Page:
Leaders mark Eid al Fitr with calls for peace - and warnings

Afghan President Hamid Karzai used the Muslim holiday signaling the end of Ramadan to reach out to the Taliban, while Iran's Supreme Leader Ayatollah Khamanei denounced Israel.

Muslims the world over continued celebrations of Eid Al-Fitr Monday, marking the end of the Ramadan period of fasting and abstinence. The faithful began the holiday on Saturday, Sunday or Monday, depending on their sect.

During the month of Ramadan, Muslims abstain from food, drink, cigarettes, and sex from sunrise to sunset.

Some national leaders used the holiday to issue political messages, with some calling for peace and others denouncing opponents. In some communities this year's festivities were marred by fears of swine flu or political unrest or violence.

In Egypt, where 900 cases of swine flu have been reported, two of them fatal, some expressed concern that the disease could spread too easily during mass prayers to mark Eid. According to the Egyptian Gazette, the country's leading Muslim cleric issued a fatwa, or religious edict, saying Eid prayers could be cancelled as as result.

That came after a separate fatwa last week saying the annual Hajj pilgrimage could be cancelled for the same reason.

Muslim scholars and clerics have admonished people against performing the Eid prayers in big, crowded mosques and have asked them, instead, to head to open-air praying places or to pray at home.
If there is talk about cancelling the Hajj, which is an obligatory part of Islam, then we ought to cancel the Eid prayers, as they're not obligatory, if the situation really demands it,” Souad Saleh, the head of Islamic Jurisprudence Department at Al-Azhar University, told The Gazette in a phone interview.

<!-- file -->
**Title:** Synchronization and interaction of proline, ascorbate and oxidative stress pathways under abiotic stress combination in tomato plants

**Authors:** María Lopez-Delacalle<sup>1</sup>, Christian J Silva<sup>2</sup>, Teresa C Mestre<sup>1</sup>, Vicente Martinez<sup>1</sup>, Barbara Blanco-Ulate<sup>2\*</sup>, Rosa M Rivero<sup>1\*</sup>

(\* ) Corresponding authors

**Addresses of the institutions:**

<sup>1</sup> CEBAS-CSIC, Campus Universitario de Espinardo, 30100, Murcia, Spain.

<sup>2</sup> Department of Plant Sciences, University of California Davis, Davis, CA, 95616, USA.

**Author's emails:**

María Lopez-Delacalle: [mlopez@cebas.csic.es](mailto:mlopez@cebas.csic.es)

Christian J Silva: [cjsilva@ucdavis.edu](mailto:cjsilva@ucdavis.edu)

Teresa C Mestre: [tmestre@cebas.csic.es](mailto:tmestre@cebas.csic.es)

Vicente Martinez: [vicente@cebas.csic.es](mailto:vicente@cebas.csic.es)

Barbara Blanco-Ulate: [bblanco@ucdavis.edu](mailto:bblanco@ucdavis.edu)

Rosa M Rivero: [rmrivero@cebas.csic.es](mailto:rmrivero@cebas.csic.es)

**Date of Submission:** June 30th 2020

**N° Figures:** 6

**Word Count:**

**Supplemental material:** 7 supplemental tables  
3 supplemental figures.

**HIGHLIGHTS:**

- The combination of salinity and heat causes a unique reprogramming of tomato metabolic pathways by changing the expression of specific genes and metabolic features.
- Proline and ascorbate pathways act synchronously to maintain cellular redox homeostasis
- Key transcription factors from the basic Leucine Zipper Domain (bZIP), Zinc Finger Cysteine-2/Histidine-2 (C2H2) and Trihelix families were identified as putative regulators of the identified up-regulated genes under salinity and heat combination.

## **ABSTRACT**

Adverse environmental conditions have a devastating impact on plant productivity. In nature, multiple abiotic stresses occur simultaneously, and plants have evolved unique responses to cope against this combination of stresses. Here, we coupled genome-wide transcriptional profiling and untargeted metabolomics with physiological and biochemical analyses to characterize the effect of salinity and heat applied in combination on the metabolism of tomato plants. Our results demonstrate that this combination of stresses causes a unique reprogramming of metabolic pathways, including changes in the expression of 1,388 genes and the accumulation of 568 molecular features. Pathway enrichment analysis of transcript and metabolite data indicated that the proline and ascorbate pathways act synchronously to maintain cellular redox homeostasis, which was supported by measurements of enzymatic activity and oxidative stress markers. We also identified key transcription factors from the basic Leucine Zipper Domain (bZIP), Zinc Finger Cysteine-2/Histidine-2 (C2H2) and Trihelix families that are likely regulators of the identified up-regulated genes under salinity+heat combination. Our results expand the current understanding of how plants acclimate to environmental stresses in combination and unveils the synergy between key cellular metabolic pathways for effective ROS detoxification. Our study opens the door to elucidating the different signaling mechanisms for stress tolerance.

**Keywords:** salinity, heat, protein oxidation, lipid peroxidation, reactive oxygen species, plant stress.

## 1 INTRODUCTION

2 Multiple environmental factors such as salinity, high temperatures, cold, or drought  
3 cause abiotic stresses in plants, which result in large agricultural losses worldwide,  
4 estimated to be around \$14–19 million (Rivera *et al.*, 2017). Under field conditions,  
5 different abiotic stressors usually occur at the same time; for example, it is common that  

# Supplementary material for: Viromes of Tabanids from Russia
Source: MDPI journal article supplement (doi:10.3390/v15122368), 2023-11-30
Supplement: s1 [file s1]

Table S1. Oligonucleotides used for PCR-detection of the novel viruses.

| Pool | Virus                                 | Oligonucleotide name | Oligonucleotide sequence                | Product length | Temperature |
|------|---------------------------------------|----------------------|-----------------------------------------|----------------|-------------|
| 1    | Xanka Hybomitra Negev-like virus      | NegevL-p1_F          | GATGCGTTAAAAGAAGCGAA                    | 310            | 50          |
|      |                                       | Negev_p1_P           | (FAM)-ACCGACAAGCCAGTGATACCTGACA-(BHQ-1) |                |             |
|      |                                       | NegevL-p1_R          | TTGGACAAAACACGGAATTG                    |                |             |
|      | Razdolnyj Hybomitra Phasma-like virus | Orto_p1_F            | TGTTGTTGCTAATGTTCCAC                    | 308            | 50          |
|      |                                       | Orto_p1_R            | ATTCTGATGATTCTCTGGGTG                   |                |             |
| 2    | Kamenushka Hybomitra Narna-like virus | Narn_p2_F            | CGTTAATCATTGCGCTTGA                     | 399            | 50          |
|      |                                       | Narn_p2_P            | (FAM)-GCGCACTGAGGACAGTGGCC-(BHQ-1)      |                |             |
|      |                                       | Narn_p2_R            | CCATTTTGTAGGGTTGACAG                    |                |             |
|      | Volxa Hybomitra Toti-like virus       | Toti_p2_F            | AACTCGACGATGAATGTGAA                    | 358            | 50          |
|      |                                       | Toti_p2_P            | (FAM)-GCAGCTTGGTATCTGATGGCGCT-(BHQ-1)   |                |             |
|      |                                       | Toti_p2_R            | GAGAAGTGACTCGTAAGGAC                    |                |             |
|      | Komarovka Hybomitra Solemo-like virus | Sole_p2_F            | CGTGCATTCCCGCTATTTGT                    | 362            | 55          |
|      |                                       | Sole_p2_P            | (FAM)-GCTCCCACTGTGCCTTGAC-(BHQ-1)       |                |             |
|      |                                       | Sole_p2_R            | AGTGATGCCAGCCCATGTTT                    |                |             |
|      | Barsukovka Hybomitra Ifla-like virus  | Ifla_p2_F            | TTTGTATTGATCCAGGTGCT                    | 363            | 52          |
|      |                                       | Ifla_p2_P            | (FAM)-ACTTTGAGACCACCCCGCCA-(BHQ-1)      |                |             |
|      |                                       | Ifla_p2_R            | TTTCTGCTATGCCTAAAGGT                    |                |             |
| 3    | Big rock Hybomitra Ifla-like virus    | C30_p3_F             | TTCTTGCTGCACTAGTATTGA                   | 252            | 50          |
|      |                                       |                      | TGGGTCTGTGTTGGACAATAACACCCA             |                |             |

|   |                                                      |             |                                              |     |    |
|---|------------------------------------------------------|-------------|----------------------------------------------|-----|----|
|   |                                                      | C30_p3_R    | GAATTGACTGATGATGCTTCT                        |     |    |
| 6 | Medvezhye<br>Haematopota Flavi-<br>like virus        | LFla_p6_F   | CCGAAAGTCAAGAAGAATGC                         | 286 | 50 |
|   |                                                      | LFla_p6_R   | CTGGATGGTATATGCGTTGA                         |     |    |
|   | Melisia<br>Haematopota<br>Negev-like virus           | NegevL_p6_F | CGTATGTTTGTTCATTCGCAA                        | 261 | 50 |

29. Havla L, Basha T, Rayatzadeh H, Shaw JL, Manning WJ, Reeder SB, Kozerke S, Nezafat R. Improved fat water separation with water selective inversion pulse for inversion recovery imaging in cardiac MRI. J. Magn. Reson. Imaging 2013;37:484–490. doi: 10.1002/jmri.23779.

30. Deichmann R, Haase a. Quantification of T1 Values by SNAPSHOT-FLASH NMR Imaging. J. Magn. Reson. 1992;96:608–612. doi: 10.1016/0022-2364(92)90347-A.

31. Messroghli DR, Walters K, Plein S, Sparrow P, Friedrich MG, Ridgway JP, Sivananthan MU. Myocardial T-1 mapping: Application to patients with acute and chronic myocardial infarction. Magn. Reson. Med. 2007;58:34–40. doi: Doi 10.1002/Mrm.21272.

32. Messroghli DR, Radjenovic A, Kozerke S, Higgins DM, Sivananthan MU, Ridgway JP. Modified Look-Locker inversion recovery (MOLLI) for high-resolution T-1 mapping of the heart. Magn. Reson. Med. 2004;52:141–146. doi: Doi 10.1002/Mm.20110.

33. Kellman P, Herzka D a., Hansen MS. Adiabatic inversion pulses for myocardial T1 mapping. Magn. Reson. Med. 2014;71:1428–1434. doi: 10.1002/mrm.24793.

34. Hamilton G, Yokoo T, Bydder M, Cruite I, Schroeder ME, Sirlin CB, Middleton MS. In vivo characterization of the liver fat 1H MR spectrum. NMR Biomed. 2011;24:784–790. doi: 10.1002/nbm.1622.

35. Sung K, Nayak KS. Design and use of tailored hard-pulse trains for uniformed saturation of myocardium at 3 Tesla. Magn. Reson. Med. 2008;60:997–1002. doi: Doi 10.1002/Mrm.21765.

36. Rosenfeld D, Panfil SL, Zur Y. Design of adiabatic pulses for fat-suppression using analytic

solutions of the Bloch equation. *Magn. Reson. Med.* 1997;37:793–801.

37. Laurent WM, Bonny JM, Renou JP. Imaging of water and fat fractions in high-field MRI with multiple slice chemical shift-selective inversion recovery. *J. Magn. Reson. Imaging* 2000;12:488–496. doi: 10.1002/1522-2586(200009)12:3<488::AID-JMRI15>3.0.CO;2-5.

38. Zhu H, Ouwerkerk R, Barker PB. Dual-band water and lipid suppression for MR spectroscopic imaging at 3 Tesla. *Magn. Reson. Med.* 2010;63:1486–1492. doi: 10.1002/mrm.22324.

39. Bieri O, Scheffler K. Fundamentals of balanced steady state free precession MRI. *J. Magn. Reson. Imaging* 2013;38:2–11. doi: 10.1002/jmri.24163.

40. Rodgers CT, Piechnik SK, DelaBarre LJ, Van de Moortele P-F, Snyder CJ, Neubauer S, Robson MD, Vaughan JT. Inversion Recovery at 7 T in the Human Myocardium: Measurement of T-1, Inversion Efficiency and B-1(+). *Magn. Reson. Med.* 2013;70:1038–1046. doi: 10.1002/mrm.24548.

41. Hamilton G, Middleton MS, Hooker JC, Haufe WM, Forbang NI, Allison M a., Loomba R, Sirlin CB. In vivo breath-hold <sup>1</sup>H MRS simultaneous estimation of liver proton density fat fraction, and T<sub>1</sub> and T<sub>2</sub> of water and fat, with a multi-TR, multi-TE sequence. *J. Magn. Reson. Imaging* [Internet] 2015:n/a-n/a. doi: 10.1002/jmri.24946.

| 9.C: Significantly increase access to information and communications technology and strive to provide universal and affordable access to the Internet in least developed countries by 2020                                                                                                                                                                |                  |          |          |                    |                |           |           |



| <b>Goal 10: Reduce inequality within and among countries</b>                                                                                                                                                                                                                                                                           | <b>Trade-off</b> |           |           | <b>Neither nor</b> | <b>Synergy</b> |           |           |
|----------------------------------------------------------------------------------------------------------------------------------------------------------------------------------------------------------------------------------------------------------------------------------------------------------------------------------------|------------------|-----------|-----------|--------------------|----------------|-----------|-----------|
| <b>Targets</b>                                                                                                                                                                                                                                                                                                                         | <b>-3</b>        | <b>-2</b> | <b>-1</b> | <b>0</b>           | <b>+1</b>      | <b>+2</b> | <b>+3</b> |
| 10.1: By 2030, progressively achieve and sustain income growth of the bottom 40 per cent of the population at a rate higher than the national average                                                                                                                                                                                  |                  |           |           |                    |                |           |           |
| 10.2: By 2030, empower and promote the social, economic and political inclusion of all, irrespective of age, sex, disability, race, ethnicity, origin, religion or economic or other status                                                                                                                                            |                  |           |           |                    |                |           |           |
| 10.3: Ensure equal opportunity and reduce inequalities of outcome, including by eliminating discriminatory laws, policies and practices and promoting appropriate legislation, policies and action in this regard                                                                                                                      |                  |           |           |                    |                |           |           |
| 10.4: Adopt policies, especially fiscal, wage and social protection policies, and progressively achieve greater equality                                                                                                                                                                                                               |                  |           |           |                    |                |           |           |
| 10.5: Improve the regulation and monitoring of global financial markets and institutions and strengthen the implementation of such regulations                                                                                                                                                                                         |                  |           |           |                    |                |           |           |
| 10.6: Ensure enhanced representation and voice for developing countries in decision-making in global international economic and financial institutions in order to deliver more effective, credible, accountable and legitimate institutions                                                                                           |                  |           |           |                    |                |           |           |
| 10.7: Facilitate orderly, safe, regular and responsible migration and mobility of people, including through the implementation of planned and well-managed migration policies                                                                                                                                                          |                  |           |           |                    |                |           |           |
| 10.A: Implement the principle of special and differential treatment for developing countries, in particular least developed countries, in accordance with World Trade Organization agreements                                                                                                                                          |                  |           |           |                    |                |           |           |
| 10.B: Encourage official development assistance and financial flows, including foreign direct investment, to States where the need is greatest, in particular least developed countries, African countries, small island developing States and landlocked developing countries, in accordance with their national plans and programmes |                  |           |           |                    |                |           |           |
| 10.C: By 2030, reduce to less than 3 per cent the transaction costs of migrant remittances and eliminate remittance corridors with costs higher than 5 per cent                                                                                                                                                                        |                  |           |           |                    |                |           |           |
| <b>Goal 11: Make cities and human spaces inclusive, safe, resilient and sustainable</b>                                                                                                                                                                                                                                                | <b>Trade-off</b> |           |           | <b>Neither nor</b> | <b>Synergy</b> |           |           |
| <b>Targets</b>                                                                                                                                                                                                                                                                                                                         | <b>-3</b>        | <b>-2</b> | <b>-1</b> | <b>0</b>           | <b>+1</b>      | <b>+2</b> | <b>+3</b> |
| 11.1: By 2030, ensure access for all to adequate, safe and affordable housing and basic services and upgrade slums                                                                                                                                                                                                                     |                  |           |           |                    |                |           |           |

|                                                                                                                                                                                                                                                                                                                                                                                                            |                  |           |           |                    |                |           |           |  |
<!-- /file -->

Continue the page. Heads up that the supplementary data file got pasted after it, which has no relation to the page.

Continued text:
In Iran, the Supreme Leader Ayatollah Khamenei used his Eid al-Fitr sermon to blast Israel, Western powers, and the foreign media, the Times of London reported. Mr. Khamanei said Zionism was "gnawing into the lives of the Islamic nations" and "spreading through the invading hands of the occupiers and arrogant powers."

In Afghanistan, President Hamid Karzai used his Eid speech to extend an olive branch to Taliban militants, according to Pakistan's Daily Times.

In the Gaza Strip, Israeli forces killed two Palestinians they suspected might be planting explosives, according to the Arab Monitor. The news agency also reported that Hamas leader Ismail Haniyeh issued a fatwa against Palestinians who worked for firms building what Palestinians say are "illegal" Israeli settlements.

In Iraq, many streamed north to Kurdistan to celebrate the holiday, and seek respite from the violence that still plagues much of the rest of the country, the Associated Press reported.

For the war-weary traveler, the Kurdish region offers not just a refuge from violence but also reliable electricity, stunning natural beauty, cooler weather and fewer social restrictions.
"We have heard from people who have been there ... that it's like being in a different country," said Haidr Mohammed Ali, a 36-year-old government employee from Baghdad who was taking his wife, two children and his cousin's family to the Kurdish city of Irbil by minibus.

AFP reported that many Saudi Arabians would head to less-restrictive neighboring countries to party and relax, while some would enjoy several planned festivities closer to home.

In Saudi Arabia, fireworks were planned on Sunday night around Riyadh, a skydiving performance was expected and the Prince Faisal sports stadium was hosting a parade and motorcycle races.
However many Saudis were also expected to stream into neighboring Dubai and Bahrain for Eid. Both locations are popular for those seeking a break from the ultra-conservative kingdom's restrictions on movies, music and alcohol.

In the restive southern Philippines, Muslim and Christian leaders exchanged peace messages, the Inquirer reported.

And China's 20 million Muslims "donned festive costume and swarmed mosques to hear preaching given by imams," according to the state-run Xinhua news service.

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